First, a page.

What Are the Different Types of Testicular Cancer?

Although there are additional uncommon forms of testicular cancer, seminomas and nonseminomas account for the majority of instances. How they spread and are treated by medical professionals can vary according to the type.

Depending on the kind of cells that develop into cancer, testicular cancer, or cancer starting in the testicles, can take many different forms.

Approximately 95% of all occurrences of testicular cancer, also known as germinal tumours, begin in the germ cells, according to the National Cancer Institute. Seminomas and nonseminomas are the two primary categories of germinal tumours.

Compared to germinal tumours, stromal tumours are substantially less prevalent and develop in distinct cells.

Additionally, cancer can start in another part of the body and spread to the testicles.

Let's examine each kind in greater depth.


One of the two primary categories of germ cell testicular tumours is seminomas. The reproductive cells called germ cells are responsible for producing eggs in females and sperm in males.

Chemotherapy, radiation therapy, or both are commonly used in the treatment of seminomas, along with testicular excision surgery, and orchiectomy.

About 99% of patients who receive treatment before the cancer has a chance to grow or metastasis will survive for five years.

Seminomas are divided into two subgroups.

Over 95% of seminomas are classical seminomas, which typically affect younger males.

Spermatocytic seminomas typically affect elderly males and are substantially less common. Compared to traditional seminomas, they grow more slowly and are less prone to spread.


Since nonseminomas grow and spread more quickly than seminomas, it's critical to receive a precise diagnosis and begin therapy right away. The same treatment choices that apply to seminomas also apply to nonseminomas.

Nonseminomas can be classified into four subtypes, albeit these tumours frequently combine different classifications. Among these subtypes are:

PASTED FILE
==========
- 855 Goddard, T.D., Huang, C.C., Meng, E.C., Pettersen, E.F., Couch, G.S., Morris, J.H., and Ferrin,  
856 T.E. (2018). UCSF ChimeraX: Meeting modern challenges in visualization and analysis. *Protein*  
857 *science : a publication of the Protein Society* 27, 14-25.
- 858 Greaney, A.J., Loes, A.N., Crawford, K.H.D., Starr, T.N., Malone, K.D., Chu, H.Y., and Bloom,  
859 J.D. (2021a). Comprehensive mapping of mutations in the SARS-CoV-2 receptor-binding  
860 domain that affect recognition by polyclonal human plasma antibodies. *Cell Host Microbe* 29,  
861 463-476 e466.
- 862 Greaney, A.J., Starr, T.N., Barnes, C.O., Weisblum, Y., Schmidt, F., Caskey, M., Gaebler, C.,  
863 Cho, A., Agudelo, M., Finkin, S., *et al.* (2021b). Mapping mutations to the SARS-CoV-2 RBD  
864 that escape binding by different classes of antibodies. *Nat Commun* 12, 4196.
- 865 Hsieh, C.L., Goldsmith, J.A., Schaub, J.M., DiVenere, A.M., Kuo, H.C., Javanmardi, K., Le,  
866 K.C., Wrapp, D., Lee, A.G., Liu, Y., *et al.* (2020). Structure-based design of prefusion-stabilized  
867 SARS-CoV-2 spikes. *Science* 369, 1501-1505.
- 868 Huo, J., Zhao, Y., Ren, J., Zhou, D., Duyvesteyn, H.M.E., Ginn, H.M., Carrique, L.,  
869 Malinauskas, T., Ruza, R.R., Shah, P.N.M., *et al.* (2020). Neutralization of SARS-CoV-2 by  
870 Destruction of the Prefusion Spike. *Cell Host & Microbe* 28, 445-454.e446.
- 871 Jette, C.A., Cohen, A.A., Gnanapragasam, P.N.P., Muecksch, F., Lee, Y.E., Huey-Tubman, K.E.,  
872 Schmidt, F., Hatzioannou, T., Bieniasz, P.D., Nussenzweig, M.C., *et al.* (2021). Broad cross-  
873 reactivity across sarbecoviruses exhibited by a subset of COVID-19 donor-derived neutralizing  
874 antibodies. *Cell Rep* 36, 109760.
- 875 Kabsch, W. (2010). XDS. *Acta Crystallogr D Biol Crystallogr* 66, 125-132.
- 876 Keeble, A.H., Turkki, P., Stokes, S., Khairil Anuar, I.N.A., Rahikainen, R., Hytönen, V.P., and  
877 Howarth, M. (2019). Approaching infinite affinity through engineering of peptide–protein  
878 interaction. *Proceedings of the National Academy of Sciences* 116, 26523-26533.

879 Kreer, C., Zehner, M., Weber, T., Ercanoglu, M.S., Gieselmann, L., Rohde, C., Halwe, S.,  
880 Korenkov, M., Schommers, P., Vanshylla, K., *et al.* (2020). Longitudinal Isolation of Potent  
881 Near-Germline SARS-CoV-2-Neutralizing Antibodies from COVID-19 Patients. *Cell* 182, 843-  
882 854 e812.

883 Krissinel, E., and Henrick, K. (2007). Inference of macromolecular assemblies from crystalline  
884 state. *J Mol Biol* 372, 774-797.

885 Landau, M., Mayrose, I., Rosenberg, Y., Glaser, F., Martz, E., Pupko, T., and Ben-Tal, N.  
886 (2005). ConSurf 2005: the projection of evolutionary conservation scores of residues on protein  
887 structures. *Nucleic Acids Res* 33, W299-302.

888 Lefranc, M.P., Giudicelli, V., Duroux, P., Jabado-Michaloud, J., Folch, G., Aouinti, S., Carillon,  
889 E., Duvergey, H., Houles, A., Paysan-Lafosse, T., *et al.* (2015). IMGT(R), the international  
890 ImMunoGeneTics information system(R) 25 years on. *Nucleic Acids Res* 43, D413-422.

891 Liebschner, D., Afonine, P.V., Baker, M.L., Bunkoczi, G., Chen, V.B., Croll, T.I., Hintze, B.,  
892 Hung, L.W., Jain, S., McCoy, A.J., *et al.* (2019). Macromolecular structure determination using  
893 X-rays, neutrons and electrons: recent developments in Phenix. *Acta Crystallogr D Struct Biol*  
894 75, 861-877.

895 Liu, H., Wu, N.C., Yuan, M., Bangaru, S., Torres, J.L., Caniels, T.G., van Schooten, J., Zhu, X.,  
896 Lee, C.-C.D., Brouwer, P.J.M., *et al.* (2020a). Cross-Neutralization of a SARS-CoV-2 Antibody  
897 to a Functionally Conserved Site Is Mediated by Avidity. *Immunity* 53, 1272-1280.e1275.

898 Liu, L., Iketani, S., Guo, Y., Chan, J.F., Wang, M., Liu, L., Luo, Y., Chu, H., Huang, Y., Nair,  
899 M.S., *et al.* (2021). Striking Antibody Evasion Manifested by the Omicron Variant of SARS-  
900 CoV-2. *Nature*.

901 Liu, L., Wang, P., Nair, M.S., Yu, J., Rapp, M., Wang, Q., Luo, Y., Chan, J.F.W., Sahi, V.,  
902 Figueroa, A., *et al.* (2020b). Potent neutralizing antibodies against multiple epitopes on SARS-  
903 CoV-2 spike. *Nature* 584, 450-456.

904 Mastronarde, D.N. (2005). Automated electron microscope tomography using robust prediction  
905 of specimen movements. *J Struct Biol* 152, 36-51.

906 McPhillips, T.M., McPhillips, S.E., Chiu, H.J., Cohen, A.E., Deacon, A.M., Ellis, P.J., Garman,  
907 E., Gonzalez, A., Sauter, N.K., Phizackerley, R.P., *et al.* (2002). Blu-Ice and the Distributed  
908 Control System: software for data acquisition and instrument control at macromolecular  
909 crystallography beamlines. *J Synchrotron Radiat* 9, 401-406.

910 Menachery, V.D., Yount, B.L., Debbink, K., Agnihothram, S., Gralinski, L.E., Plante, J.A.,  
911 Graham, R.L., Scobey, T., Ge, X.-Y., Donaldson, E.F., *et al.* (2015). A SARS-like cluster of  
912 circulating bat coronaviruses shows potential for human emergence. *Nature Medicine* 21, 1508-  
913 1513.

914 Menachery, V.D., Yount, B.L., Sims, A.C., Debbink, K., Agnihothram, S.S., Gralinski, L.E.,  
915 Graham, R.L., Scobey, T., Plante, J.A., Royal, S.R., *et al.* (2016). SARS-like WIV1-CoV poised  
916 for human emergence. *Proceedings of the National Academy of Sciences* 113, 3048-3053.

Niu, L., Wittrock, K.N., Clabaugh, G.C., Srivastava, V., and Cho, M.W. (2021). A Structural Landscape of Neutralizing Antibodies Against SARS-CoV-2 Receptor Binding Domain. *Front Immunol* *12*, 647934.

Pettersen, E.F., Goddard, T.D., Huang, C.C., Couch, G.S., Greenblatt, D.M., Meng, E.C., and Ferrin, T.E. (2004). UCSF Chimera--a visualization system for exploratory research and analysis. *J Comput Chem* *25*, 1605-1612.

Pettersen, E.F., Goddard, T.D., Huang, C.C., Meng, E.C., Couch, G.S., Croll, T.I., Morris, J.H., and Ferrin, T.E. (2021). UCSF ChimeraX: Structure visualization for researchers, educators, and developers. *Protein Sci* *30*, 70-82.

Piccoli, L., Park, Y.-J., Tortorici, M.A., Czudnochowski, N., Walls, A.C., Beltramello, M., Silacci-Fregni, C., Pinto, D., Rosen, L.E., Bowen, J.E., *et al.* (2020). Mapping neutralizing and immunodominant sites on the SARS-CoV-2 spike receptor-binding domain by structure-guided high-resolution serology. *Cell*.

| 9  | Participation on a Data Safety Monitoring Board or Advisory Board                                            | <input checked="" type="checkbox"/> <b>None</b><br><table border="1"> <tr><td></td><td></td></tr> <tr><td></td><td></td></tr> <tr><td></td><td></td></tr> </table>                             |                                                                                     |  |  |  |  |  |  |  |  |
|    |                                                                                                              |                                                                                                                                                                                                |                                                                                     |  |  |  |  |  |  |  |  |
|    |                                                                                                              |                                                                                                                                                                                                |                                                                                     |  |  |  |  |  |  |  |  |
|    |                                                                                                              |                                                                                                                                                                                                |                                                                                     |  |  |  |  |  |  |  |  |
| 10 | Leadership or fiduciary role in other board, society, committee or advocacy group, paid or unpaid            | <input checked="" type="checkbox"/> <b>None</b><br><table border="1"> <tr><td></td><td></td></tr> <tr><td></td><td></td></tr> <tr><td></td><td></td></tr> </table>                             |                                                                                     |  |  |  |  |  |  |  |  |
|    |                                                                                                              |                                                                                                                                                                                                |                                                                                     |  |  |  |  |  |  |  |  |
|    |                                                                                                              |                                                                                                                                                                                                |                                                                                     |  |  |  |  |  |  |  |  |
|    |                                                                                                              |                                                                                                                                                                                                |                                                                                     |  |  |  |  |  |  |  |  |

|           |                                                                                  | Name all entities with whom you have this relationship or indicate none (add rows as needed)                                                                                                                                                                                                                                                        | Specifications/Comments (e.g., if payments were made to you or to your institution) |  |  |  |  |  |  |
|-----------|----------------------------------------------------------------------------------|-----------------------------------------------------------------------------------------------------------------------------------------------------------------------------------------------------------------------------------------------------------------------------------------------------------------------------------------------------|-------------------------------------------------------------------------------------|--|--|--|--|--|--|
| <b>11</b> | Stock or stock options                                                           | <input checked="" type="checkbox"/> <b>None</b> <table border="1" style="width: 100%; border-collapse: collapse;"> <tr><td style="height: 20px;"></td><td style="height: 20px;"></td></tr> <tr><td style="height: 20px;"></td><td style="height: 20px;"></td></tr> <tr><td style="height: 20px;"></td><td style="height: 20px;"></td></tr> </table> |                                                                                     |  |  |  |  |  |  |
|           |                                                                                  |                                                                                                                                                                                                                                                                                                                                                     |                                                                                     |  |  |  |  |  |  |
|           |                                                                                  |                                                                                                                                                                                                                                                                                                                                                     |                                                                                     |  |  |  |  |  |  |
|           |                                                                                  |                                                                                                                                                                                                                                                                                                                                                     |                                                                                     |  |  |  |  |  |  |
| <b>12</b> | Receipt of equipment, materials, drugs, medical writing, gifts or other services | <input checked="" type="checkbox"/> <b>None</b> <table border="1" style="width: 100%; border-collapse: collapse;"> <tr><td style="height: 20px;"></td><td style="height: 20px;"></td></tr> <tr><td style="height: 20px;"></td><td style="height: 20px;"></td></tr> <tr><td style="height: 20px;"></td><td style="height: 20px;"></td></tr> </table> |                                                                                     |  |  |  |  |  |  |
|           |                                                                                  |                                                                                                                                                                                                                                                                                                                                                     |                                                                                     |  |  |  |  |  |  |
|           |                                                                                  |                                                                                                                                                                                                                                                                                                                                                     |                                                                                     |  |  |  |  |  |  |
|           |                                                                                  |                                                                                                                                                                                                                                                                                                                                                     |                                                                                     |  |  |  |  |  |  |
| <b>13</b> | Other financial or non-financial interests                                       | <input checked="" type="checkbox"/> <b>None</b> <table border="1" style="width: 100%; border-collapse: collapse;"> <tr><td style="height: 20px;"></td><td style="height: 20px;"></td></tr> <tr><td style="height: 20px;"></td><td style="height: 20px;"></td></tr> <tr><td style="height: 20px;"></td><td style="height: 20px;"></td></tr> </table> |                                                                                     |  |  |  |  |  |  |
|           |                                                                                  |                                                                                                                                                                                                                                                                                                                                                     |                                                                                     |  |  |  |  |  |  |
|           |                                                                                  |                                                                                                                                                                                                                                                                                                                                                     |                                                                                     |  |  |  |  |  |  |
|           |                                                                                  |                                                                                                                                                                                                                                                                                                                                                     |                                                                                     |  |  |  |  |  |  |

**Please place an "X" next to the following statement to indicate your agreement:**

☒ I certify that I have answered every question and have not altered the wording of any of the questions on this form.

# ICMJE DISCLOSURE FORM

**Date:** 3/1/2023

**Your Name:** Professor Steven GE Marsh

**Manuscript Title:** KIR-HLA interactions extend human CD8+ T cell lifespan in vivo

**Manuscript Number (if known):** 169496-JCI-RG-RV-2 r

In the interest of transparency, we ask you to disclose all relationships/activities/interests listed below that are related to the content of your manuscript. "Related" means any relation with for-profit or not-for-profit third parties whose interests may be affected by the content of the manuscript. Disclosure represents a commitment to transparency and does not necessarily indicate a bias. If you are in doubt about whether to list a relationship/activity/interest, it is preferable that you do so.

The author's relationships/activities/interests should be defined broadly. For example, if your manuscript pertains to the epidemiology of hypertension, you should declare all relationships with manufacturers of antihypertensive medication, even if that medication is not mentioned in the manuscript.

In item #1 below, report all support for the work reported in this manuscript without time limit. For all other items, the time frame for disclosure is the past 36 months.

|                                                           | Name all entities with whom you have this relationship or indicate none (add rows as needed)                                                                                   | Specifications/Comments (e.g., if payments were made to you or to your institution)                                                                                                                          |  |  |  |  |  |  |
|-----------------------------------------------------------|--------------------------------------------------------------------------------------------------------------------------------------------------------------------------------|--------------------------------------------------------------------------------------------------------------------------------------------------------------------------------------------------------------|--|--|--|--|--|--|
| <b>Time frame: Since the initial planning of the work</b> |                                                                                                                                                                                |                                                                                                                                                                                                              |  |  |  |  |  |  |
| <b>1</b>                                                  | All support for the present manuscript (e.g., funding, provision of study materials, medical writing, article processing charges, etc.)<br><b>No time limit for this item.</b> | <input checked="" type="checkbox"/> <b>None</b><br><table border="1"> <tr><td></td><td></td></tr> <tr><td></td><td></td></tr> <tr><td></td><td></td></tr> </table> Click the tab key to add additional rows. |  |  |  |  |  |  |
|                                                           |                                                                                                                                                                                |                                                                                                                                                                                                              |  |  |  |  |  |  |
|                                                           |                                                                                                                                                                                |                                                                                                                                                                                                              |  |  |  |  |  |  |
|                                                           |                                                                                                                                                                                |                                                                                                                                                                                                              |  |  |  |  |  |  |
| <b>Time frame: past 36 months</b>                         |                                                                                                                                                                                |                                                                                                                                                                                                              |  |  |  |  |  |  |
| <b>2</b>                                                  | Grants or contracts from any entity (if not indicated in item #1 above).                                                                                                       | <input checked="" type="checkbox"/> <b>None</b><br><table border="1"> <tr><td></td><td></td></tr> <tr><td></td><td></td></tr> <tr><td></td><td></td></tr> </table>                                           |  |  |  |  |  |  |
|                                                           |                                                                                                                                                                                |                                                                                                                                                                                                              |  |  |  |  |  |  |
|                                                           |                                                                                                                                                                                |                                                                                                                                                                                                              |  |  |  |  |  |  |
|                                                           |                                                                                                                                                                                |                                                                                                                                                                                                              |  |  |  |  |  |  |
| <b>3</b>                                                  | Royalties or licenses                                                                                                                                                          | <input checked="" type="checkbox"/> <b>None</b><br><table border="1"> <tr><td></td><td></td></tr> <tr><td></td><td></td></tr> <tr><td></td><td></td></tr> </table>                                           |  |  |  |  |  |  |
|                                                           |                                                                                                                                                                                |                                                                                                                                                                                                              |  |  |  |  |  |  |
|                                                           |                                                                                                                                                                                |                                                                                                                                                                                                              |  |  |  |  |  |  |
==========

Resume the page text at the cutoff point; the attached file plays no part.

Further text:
• testicular cancer that grows quickly and frequently spreads to the brain, bones, and lungs is called choriocarcinoma.
  • About 40% of testicular tumours are embryonal carcinomas.
  • teratomas come in three subtypes: mature, immature, and malignant teratomas of the somatic type.
  • The most prevalent kind of testicular cancer in youngsters is called yolk sac carcinoma, so called because it mimics the yolk sac of a human egg.

Carcinomas in situ

Noninvasive precancerous testicular germ cells are referred to as carcinoma in situ, also known as intratubular germ cell neoplasia. Under a microscope, these cells resemble normal cells, but sometimes a biopsy can distinguish them. This frequently happens by accident, like in the case of a fertility test.

As carcinoma in situ doesn't usually progress to an invasive stage, your physician might advise close observation. This involves routine physical examinations and screenings to check for the formation of malignant tumours, such as blood tests and ultrasounds.

According to a 2019 study, there is roughly a 50% probability that a carcinoma in situ discovered during a biopsy would progress into a malignant germ cell tumour.

Sex cord-stromal tumors

The tissue in the testicles that produce hormones is called the stroma. In human embryos, structures called sex cords aid in determining whether the embryo will develop into a male or female.

The cells in these locations are the source of sex cord-stromal tumours, or SCSTs.

Testicular SCSTs make up only approximately 5% of all testicular tumours; nevertheless, the International Ovarian and Testicular Stromal Tumour Registry indicates that they are the second most prevalent kind in children.

Secondary testicular cancers

Because the tumours originate in another area of the body and spread to the testicles, secondary testicular cancers are not regarded as "true" testicular cancers. The American Cancer Society states that lymphoma is the most prevalent type of cancer that affects the testicles.

The following malignancies can also spread to the testicles:
  • kidney cancer (as well as more abdominal organ tumours)
  • lung cancer
  • leukemia
  • melanoma (skin cancer)


It's beneficial to discuss your treatment choices with an oncologist who specialises in treating testicular cancer, regardless of the type of disease you have.

Your treatment approach will depend on the type and stage of your specific malignancy, your age, and your general health, even though an orchiectomy is normally necessary in most situations.

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